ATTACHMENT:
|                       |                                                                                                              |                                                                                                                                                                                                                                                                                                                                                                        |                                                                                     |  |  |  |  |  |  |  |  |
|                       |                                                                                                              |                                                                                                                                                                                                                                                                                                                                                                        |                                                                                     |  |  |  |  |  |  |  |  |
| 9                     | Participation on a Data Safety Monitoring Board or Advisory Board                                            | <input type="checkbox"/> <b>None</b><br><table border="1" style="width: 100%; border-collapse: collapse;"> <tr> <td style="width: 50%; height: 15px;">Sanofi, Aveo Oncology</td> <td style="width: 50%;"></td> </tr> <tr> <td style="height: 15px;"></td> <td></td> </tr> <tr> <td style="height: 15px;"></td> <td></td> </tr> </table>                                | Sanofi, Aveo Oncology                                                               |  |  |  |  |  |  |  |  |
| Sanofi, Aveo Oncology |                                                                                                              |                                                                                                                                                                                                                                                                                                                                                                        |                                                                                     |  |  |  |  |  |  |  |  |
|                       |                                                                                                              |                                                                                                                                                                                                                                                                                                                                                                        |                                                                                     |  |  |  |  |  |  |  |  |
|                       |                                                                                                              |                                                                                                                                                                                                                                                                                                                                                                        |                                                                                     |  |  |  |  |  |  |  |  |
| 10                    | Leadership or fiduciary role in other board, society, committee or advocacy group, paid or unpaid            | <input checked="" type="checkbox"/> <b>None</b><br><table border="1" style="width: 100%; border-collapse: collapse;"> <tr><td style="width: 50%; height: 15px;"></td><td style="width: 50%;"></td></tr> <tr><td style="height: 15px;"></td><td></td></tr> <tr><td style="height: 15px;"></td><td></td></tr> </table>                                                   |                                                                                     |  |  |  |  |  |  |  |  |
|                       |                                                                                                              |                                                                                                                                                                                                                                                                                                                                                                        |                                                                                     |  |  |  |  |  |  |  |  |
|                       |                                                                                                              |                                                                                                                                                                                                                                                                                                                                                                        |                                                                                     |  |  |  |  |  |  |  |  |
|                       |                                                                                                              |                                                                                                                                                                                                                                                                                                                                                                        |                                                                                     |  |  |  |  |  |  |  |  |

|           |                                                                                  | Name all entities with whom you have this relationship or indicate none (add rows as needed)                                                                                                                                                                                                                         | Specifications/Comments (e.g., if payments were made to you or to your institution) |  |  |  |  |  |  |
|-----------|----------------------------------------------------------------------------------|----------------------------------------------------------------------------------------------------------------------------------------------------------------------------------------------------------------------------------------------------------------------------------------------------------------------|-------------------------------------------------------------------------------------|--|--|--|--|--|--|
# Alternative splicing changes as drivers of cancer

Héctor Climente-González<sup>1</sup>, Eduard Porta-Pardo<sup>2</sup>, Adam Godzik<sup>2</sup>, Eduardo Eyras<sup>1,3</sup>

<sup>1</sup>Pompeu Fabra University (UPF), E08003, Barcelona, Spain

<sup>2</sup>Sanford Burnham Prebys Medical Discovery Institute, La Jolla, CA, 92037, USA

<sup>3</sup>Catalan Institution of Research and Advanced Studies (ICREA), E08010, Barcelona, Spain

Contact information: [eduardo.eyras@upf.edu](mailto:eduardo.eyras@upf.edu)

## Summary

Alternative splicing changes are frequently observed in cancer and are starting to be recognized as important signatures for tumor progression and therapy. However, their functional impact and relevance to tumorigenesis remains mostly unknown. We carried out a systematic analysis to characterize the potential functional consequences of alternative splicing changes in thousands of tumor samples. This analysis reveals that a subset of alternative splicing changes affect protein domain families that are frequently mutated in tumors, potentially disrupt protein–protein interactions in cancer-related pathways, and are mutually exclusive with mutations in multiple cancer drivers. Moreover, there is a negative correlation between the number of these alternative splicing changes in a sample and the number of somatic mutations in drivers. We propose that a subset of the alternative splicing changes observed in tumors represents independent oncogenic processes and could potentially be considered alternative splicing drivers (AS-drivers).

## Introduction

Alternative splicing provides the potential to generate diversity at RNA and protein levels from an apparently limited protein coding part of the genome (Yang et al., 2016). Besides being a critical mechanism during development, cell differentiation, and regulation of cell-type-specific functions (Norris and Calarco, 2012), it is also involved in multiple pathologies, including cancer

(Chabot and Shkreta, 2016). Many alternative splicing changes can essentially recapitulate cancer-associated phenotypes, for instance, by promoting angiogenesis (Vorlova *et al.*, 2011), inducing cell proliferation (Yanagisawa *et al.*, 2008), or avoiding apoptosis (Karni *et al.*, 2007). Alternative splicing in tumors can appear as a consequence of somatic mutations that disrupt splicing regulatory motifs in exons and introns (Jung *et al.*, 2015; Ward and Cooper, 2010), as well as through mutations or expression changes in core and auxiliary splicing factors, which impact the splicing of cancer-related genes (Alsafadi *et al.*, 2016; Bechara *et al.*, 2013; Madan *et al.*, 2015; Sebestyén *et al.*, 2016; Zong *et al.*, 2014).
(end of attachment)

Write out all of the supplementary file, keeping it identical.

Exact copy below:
|                       |                                                                                                              |                                                                                                                                                                                                                                                                                                                                                                        |                                                                                     |  |  |  |  |  |  |  |  |
|                       |                                                                                                              |                                                                                                                                                                                                                                                                                                                                                                        |                                                                                     |  |  |  |  |  |  |  |  |
| 9                     | Participation on a Data Safety Monitoring Board or Advisory Board                                            | <input type="checkbox"/> <b>None</b><br><table border="1" style="width: 100%; border-collapse: collapse;"> <tr> <td style="width: 50%; height: 15px;">Sanofi, Aveo Oncology</td> <td style="width: 50%;"></td> </tr> <tr> <td style="height: 15px;"></td> <td></td> </tr> <tr> <td style="height: 15px;"></td> <td></td> </tr> </table>                                | Sanofi, Aveo Oncology                                                               |  |  |  |  |  |  |  |  |
| Sanofi, Aveo Oncology |                                                                                                              |                                                                                                                                                                                                                                                                                                                                                                        |                                                                                     |  |  |  |  |  |  |  |  |
|                       |                                                                                                              |                                                                                                                                                                                                                                                                                                                                                                        |                                                                                     |  |  |  |  |  |  |  |  |
|                       |                                                                                                              |                                                                                                                                                                                                                                                                                                                                                                        |                                                                                     |  |  |  |  |  |  |  |  |
| 10                    | Leadership or fiduciary role in other board, society, committee or advocacy group, paid or unpaid            | <input checked="" type="checkbox"/> <b>None</b><br><table border="1" style="width: 100%; border-collapse: collapse;"> <tr><td style="width: 50%; height: 15px;"></td><td style="width: 50%;"></td></tr> <tr><td style="height: 15px;"></td><td></td></tr> <tr><td style="height: 15px;"></td><td></td></tr> </table>                                                   |                                                                                     |  |  |  |  |  |  |  |  |
|                       |                                                                                                              |                                                                                                                                                                                                                                                                                                                                                                        |                                                                                     |  |  |  |  |  |  |  |  |
|                       |                                                                                                              |                                                                                                                                                                                                                                                                                                                                                                        |                                                                                     |  |  |  |  |  |  |  |  |
|                       |                                                                                                              |                                                                                                                                                                                                                                                                                                                                                                        |                                                                                     |  |  |  |  |  |  |  |  |

|           |                                                                                  | Name all entities with whom you have this relationship or indicate none (add rows as needed)                                                                                                                                                                                                                         | Specifications/Comments (e.g., if payments were made to you or to your institution) |  |  |  |  |  |  |
|-----------|----------------------------------------------------------------------------------|----------------------------------------------------------------------------------------------------------------------------------------------------------------------------------------------------------------------------------------------------------------------------------------------------------------------|-------------------------------------------------------------------------------------|--|--|--|--|--|--|
# Alternative splicing changes as drivers of cancer

Héctor Climente-González<sup>1</sup>, Eduard Porta-Pardo<sup>2</sup>, Adam Godzik<sup>2</sup>, Eduardo Eyras<sup>1,3</sup>

<sup>1</sup>Pompeu Fabra University (UPF), E08003, Barcelona, Spain

<sup>2</sup>Sanford Burnham Prebys Medical Discovery Institute, La Jolla, CA, 92037, USA

<sup>3</sup>Catalan Institution of Research and Advanced Studies (ICREA), E08010, Barcelona, Spain

Contact information: [eduardo.eyras@upf.edu](mailto:eduardo.eyras@upf.edu)

## Summary

Alternative splicing changes are frequently observed in cancer and are starting to be recognized as important signatures for tumor progression and therapy. However, their functional impact and relevance to tumorigenesis remains mostly unknown. We carried out a systematic analysis to characterize the potential functional consequences of alternative splicing changes in thousands of tumor samples. This analysis reveals that a subset of alternative splicing changes affect protein domain families that are frequently mutated in tumors, potentially disrupt protein–protein interactions in cancer-related pathways, and are mutually exclusive with mutations in multiple cancer drivers. Moreover, there is a negative correlation between the number of these alternative splicing changes in a sample and the number of somatic mutations in drivers. We propose that a subset of the alternative splicing changes observed in tumors represents independent oncogenic processes and could potentially be considered alternative splicing drivers (AS-drivers).

## Introduction

Alternative splicing provides the potential to generate diversity at RNA and protein levels from an apparently limited protein coding part of the genome (Yang et al., 2016). Besides being a critical mechanism during development, cell differentiation, and regulation of cell-type-specific functions (Norris and Calarco, 2012), it is also involved in multiple pathologies, including cancer

(Chabot and Shkreta, 2016). Many alternative splicing changes can essentially recapitulate cancer-associated phenotypes, for instance, by promoting angiogenesis (Vorlova *et al.*, 2011), inducing cell proliferation (Yanagisawa *et al.*, 2008), or avoiding apoptosis (Karni *et al.*, 2007). Alternative splicing in tumors can appear as a consequence of somatic mutations that disrupt splicing regulatory motifs in exons and introns (Jung *et al.*, 2015; Ward and Cooper, 2010), as well as through mutations or expression changes in core and auxiliary splicing factors, which impact the splicing of cancer-related genes (Alsafadi *et al.*, 2016; Bechara *et al.*, 2013; Madan *et al.*, 2015; Sebestyén *et al.*, 2016; Zong *et al.*, 2014).